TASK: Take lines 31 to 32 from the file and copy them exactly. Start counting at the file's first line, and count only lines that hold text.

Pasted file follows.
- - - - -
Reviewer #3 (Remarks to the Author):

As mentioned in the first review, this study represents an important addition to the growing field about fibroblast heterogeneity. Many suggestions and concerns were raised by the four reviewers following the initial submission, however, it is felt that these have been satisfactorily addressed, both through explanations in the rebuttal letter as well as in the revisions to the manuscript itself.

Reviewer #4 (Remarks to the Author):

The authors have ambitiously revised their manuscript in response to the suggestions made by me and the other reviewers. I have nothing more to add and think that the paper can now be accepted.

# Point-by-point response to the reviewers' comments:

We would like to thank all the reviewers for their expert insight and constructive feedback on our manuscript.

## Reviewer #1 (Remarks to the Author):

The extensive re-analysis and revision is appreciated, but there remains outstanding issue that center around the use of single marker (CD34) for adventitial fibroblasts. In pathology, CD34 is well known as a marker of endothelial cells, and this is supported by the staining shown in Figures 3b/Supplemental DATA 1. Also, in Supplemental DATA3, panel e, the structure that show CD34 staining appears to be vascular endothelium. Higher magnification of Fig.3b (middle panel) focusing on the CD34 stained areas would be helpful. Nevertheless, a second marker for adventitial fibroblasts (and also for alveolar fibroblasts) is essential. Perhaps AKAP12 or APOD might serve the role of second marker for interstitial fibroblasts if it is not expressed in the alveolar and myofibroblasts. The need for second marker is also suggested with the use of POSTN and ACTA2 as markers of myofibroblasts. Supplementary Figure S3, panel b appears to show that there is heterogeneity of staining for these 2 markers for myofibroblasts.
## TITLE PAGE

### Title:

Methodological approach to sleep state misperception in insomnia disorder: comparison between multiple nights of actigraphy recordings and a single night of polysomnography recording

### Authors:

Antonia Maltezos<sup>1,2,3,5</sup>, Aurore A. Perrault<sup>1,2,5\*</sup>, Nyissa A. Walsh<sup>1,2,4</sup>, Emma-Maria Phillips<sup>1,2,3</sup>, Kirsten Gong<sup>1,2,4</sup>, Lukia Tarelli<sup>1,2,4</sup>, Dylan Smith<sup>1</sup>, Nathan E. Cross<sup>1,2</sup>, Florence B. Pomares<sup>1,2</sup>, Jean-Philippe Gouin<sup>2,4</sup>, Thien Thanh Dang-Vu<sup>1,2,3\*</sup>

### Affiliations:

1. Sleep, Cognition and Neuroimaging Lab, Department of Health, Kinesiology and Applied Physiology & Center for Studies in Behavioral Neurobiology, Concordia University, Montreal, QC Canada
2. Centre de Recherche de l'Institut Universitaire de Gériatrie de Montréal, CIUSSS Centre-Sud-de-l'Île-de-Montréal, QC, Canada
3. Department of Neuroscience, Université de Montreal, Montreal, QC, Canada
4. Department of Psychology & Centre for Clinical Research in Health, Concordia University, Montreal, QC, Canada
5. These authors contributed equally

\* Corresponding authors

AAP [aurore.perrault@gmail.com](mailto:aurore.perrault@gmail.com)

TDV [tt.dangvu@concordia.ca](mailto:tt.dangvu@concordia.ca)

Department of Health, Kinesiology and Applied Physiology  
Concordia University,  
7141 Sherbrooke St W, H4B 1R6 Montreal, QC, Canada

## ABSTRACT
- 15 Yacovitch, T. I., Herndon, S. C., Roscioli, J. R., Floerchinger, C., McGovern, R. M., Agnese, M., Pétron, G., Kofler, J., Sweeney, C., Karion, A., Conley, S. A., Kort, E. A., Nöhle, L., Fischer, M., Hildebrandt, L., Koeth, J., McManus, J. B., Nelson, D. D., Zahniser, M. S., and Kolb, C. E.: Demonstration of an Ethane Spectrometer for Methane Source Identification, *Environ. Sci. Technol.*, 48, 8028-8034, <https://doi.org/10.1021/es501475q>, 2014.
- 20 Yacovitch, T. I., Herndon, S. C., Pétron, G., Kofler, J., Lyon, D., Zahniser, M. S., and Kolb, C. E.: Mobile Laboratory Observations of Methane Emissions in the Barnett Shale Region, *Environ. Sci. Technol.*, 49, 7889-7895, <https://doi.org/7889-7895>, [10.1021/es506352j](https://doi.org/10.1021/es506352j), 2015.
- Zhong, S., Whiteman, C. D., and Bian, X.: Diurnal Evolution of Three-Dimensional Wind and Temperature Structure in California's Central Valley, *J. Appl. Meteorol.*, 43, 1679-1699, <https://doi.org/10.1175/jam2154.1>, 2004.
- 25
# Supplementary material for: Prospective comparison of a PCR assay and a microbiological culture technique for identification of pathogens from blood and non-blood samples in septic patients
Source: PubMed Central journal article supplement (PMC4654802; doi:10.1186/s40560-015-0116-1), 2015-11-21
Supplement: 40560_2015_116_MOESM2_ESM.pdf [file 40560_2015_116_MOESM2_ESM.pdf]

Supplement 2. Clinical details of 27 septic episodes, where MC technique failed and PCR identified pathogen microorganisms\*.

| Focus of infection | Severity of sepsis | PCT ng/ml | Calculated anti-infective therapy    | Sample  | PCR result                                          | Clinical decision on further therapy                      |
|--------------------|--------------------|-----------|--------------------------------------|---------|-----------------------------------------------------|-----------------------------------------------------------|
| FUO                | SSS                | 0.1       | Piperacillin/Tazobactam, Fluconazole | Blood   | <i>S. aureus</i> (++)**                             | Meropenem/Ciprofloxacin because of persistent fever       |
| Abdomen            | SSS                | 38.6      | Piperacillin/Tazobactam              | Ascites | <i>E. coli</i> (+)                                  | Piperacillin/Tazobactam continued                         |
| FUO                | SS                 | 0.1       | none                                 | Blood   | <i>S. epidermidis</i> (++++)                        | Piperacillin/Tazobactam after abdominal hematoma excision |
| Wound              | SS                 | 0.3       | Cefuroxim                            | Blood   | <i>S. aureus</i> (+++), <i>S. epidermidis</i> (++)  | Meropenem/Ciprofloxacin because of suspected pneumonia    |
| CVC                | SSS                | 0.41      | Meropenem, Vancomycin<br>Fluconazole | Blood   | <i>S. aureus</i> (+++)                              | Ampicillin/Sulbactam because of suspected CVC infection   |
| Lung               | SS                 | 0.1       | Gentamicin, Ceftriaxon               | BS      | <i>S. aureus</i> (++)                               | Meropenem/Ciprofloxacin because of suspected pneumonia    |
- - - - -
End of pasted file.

# Supplementary material for: Prospective comparison of a PCR assay and a microbiological culture technique for identification of pathogens from blood and non-blood samples in septic patients
Source: PubMed Central journal article supplement (PMC4654802; doi:10.1186/s40560-015-0116-1), 2015-11-21